Human-Computer Interaction, often called HCI, is a sociotechnological discipline whose goal is to bring the power of computer and communication systems to people in ways and forms that are both accessible and useful in our working, learning, communicating, and recreational lives.

Toward this end, technologies such as the graphical user interface, virtual environments, speech recognition, gesture and handwriting recognition, multimedia presentation, and cognitive models of human learning and understanding have been developed and applied as part of HCI research agendas.

HCI is sociotechnological because it concerns how people, both as individuals and as groups, use and are affected by computer and communication systems. As such, HCI draws on computer science, computer and communications engineering, graphic design, management, psychology, and sociology as it endeavors to make computer and communications systems ever more usable in carrying out tasks as diverse as learning a foreign language, analyzing the aerodynamics of a new airplane, planning surgery, playing a computer game, accessing information on the World Wide Web, or programming a VCR.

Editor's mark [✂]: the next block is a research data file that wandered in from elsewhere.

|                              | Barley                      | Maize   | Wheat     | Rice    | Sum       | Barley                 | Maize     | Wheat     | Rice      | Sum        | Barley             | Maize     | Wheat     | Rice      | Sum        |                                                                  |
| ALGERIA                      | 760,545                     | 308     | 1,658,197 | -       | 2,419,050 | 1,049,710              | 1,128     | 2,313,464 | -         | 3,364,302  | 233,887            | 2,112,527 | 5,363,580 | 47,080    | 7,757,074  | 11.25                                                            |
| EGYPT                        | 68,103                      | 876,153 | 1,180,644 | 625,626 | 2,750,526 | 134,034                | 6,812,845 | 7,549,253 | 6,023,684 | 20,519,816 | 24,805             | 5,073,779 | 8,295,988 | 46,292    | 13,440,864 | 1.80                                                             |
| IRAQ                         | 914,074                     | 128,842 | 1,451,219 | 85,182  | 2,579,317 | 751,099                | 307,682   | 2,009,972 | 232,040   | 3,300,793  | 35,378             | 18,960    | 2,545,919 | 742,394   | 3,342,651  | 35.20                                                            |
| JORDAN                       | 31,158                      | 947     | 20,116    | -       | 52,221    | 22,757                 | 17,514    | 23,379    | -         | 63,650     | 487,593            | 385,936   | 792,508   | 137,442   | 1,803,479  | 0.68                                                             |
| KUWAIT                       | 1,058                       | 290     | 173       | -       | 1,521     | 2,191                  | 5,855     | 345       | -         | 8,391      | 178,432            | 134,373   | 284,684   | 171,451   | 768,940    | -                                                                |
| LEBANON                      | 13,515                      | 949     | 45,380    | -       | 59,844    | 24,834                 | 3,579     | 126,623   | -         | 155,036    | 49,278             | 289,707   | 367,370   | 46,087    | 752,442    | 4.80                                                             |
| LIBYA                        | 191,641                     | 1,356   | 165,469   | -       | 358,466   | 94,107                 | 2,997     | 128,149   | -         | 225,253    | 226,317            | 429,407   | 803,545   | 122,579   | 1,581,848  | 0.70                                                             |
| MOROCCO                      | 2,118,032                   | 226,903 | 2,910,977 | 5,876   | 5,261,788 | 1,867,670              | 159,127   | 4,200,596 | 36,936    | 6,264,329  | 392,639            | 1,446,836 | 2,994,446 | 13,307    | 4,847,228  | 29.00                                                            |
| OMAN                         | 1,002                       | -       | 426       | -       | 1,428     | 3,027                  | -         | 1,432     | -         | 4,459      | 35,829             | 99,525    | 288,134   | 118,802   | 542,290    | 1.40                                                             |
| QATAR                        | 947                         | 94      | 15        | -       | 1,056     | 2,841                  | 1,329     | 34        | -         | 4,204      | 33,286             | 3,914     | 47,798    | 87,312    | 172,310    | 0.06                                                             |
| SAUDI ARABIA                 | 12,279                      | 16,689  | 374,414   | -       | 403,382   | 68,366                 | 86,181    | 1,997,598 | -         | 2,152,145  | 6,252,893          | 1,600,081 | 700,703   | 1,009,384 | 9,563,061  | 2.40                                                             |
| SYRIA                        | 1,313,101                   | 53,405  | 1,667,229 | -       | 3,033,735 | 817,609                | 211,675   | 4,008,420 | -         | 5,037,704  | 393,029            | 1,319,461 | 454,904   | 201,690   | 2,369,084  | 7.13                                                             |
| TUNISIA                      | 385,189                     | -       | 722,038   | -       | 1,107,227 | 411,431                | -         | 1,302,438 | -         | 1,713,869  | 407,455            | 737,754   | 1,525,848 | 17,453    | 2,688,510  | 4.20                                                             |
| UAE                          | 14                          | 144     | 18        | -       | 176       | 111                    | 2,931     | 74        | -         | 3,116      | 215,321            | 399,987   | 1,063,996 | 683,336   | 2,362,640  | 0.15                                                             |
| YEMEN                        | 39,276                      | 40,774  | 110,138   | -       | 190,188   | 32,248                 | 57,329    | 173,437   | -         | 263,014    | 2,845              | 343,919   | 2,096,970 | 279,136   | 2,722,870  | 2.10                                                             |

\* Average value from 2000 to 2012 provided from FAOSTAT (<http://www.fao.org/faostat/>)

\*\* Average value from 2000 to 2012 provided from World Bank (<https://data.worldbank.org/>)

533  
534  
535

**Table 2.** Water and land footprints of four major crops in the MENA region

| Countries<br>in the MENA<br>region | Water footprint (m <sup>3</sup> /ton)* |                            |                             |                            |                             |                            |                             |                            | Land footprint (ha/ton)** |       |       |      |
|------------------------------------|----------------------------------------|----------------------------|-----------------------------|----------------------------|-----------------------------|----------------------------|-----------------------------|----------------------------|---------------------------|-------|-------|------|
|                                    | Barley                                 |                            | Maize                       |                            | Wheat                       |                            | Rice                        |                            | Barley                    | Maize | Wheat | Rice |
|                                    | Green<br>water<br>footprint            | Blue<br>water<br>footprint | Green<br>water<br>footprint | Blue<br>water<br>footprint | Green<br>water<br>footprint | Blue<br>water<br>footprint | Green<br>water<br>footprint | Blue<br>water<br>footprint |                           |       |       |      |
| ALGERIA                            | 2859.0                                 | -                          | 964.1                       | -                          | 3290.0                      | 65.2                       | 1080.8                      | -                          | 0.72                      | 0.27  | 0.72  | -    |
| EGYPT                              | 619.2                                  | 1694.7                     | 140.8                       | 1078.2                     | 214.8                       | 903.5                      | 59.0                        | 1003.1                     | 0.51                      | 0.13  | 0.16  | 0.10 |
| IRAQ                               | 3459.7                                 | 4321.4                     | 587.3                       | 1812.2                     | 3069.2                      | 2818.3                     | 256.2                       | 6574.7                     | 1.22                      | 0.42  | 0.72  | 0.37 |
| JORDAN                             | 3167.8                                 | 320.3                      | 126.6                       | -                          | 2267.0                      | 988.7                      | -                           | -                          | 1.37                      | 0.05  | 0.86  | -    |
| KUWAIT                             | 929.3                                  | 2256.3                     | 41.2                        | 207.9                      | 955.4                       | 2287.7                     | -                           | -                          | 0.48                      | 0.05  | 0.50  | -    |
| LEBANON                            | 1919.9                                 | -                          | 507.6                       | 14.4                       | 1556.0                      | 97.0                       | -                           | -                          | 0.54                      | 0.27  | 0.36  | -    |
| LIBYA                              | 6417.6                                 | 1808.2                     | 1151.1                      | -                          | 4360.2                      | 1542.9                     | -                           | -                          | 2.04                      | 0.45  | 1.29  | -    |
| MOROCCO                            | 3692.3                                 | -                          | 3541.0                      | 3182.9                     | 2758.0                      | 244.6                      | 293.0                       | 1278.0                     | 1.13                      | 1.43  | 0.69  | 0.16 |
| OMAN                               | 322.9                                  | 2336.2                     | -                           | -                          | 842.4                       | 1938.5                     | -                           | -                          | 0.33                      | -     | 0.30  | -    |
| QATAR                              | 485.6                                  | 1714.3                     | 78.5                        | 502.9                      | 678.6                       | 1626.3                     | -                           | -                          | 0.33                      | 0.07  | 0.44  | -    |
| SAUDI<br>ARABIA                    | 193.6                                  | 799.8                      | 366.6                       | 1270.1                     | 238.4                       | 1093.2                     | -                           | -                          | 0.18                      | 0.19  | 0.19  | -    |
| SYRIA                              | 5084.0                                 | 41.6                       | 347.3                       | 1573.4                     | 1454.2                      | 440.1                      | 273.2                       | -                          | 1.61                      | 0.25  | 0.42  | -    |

Excellence in HCI is important for several reasons:


The basic purposes of this JTEC study were to investigate Japanese HCI research and development and to compare current status and trends to similar work in the United States. In particular, the sponsors of the study (the National Science Foundation, the Advanced Research Projects Agency, the Office of Naval Research, and the Department of Commerce) were interested in the following specific areas:

The JTEC study panel visited 22 sites during its one-week visit to Japan May 22-26, 1995: 1 government center, 2 universities, 13 corporations, and 6 consortia (mostly sponsored by Japan's Ministry of International Trade and Industry, MITI).


The following sections present highlights of the JTEC panel's conclusions drawn from its site visits. Table ES.1 compares HCI activities in Japan and the United States.

Research Infrastructure (Chapter 1)

HCI Education and Human Resources (Chapter 1)

Basic HCI Research (Chapter 2)

CSCW, Information Network Services, and Information Infrastructure (Chapter 3)

Consumer Devices, Games, and Entertainment (Chapter 4)

Technologies and Tools for People with Disabilities (Chapter 5)

Nuclear Power, Robotic Manufacturing and Service, and Transportation (Chapter 6)

Published: March 1996; WTEC Hyper-Librarian